Written for BrumBeat by Brian Nicholls
During the many interviews I have undertaken with local musicians from the 1950s and 1960s Buddy Holly is the common denominator when it comes to major influences. The 3rd February 2019 marks the sixtieth anniversary of his death in a light aircraft following a concert at The Surf Ballroom in Clear Lake, Iowa.
Along with twenty two year old Buddy, seventeen year old Richie Valens ('La Bamba') and twenty eight year old J. P. Richardson, alias "The Big Bopper" ('Chantilly Lace') also perished. I was a "paper boy" at the time and it was splashed all over the front page of The Daily Mirror on 4th February, 1959.
However, it was a mere ten months earlier, March 1958, that "Buddy Holly and The Crickets" (Joe B. Mauldin, bass and Jerry Allison, Drums - both masters of their craft) had undertaken a twenty five-date British tour playing fifty performances and also appearing on three television shows.
Born Charles Hardin Holley (note the spelling) in Lubbock, Texas on 7th September 1936, Buddy came to prominence as a rare breed singer, songwriter, guitarist and anonymous member of The Crickets. As a result of their massive hit single 'That'll Be The Day' - a pop song with a blues guitar solo and intro no less, a ground breaking LP "The Chirping Crickets" soon followed. The album depicted Holly on the front cover holding what was soon to become a game-changing solid body electric guitar called the Fender "Stratocaster".
Crickets' bassist Joe B. Mauldin commented... "Buddy turned up one day with this electric guitar that looked just like a space ship, with a gear shift" (tremolo arm).
More smash hit records; 'Oh Boy', 'Peggy Sue' and 'Maybe Baby' soon followed so a tour of Britain was inevitable. Brumbeaters of yore could see the group at either The Gaumont, Wolverhampton (2nd March), Birmingham Town Hall (10th March) or The Gaumont, Worcester (11th March).
Tickets were priced at 3/6d (17p), 4/6d (22p), 6/6d (32p), 8/6d (42p) and 10/6d (52p) - indeed, this was quite a slice out of your pocket money back in the day! However, this was 1958 and "Skiffle" was more or less over by the end of 1957 with the American led rock 'n' roll craze taking hold over here.
The Crickets arrived at London Airport (Heathrow) on Friday, 28th February and were soon whisked off to ATV studios to perform 'I'm Gonna Love You Too' on the pop programme "Cool For Cats". On the 2nd of March they appeared on the 100th edition of "Sunday Night at The London Palladium" singing 'That'll Be The Day', 'Maybe Baby' and 'Oh Boy' and on the 14th they appeared on "Off The Record" singing 'Maybe Baby'.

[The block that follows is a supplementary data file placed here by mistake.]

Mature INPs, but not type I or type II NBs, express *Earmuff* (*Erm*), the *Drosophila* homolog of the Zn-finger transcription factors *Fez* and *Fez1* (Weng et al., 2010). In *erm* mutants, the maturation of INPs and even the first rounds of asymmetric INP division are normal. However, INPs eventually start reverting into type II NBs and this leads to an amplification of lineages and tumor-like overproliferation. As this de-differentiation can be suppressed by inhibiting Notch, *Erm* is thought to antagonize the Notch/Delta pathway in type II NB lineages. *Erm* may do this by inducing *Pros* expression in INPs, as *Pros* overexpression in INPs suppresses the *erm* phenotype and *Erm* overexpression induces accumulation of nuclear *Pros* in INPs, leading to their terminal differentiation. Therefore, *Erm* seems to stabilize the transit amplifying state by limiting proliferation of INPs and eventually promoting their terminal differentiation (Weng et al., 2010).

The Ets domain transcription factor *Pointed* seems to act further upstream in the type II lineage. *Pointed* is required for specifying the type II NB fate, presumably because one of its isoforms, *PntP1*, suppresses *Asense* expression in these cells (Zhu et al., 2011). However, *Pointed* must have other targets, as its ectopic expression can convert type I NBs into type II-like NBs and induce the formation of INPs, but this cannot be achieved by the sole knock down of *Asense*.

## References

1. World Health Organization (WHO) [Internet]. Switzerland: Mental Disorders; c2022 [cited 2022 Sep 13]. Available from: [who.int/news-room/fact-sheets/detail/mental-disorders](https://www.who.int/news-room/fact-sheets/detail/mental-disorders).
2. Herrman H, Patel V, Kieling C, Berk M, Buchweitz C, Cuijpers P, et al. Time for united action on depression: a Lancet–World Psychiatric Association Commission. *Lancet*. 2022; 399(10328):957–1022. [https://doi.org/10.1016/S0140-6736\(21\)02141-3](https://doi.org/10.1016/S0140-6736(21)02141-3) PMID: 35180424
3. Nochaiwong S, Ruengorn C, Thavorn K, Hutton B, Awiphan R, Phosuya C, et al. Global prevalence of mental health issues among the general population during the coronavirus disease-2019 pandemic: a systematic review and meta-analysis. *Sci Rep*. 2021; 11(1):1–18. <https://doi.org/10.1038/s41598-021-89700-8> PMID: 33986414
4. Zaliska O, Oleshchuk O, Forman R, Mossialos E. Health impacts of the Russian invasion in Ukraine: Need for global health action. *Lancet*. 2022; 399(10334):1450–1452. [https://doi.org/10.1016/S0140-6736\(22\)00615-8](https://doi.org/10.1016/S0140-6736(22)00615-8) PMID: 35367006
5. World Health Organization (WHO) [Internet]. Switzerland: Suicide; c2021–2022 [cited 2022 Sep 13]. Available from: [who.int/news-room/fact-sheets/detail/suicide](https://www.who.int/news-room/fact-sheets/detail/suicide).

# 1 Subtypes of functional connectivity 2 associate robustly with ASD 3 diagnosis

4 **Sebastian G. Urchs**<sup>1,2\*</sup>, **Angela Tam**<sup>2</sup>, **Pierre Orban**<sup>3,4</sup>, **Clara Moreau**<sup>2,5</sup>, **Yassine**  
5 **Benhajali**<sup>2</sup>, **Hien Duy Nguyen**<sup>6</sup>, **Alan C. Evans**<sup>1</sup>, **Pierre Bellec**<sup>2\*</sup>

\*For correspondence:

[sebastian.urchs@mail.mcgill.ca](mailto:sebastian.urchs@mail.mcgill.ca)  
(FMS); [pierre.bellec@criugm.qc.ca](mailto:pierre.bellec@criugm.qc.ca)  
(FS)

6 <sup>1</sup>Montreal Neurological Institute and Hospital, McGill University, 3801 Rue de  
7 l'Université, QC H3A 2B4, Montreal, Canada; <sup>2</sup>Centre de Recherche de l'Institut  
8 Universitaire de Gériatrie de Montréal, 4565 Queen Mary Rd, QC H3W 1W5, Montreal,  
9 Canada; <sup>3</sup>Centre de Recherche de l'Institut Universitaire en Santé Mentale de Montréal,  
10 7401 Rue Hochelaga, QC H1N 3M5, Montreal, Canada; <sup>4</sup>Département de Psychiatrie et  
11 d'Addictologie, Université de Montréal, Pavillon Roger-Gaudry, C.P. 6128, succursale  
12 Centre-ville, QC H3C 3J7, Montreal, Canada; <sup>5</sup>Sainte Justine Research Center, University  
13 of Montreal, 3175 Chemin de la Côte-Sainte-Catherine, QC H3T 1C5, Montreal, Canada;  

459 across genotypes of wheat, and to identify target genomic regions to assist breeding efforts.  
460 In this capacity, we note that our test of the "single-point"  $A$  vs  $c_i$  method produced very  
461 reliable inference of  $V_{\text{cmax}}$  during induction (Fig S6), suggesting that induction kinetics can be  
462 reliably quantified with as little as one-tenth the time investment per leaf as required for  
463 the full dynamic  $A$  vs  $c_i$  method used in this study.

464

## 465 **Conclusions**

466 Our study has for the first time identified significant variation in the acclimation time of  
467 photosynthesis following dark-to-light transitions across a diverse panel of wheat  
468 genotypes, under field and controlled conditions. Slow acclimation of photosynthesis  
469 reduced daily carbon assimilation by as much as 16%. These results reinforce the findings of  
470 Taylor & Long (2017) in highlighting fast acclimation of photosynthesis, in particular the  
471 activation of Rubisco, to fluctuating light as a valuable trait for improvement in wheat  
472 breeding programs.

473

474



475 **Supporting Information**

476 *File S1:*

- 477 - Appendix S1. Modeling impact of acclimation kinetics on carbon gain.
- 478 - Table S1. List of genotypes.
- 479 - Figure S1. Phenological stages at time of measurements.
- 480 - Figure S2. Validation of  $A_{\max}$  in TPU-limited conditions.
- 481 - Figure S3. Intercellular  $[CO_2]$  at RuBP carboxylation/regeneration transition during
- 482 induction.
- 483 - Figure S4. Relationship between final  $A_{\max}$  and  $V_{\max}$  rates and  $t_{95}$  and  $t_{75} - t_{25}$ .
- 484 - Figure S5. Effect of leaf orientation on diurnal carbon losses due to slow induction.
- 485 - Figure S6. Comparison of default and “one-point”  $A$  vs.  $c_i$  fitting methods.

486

Tour headliners were Buddy Holly and The Crickets compered by... "the comedian with the modern style"... Des O'Connor. Buddy asked Des to provide him with some British gags that he could use between songs. Also on the support billing were "Ronnie Keene and his Orchestra" (featuring vocalist Lynn Adams), The Tanner Sisters (Frances and Stella Tanner) and vocalist Gary Miller.
Back then, concerts were of the variety show type and would typically give two evening performances ie. 6.30 am and 8.30 am, with the headliners usually performing a set of 20 to 30 minutes. Holly and The Crickets were on for 30 minutes where they performed 'That'll Be The Day', 'Peggy Sue', 'Oh Boy', 'Maybe Baby, I'm Gonna Love You Too', 'Bebop a Lula', 'Great Balls Of Fire', 'Good Rockin' Tonight', 'Keep a Knockin', 'Rip It Up', and a slow ballad, 'It's Too Late.
Early on in the tour, Buddy purchased a Hofner "President" acoustic guitar to practice on and which he gave to Des O'Connor at the end of the tour. Periodically, Des has been offered astronomical sums of money for this guitar but, he finally donated it to The Buddy Holly Foundation a few years ago - what a decent bloke, eh.
The Crickets were British sports car enthusiasts and Buddy was intent on purchasing an Austin Healey on his return so a visit to The Austin Motor Company in Longbridge was arranged. Whilst walking around the site, one of the two engineering apprentices assigned guides asked Buddy... "And what do you do for a living Mr Holly?"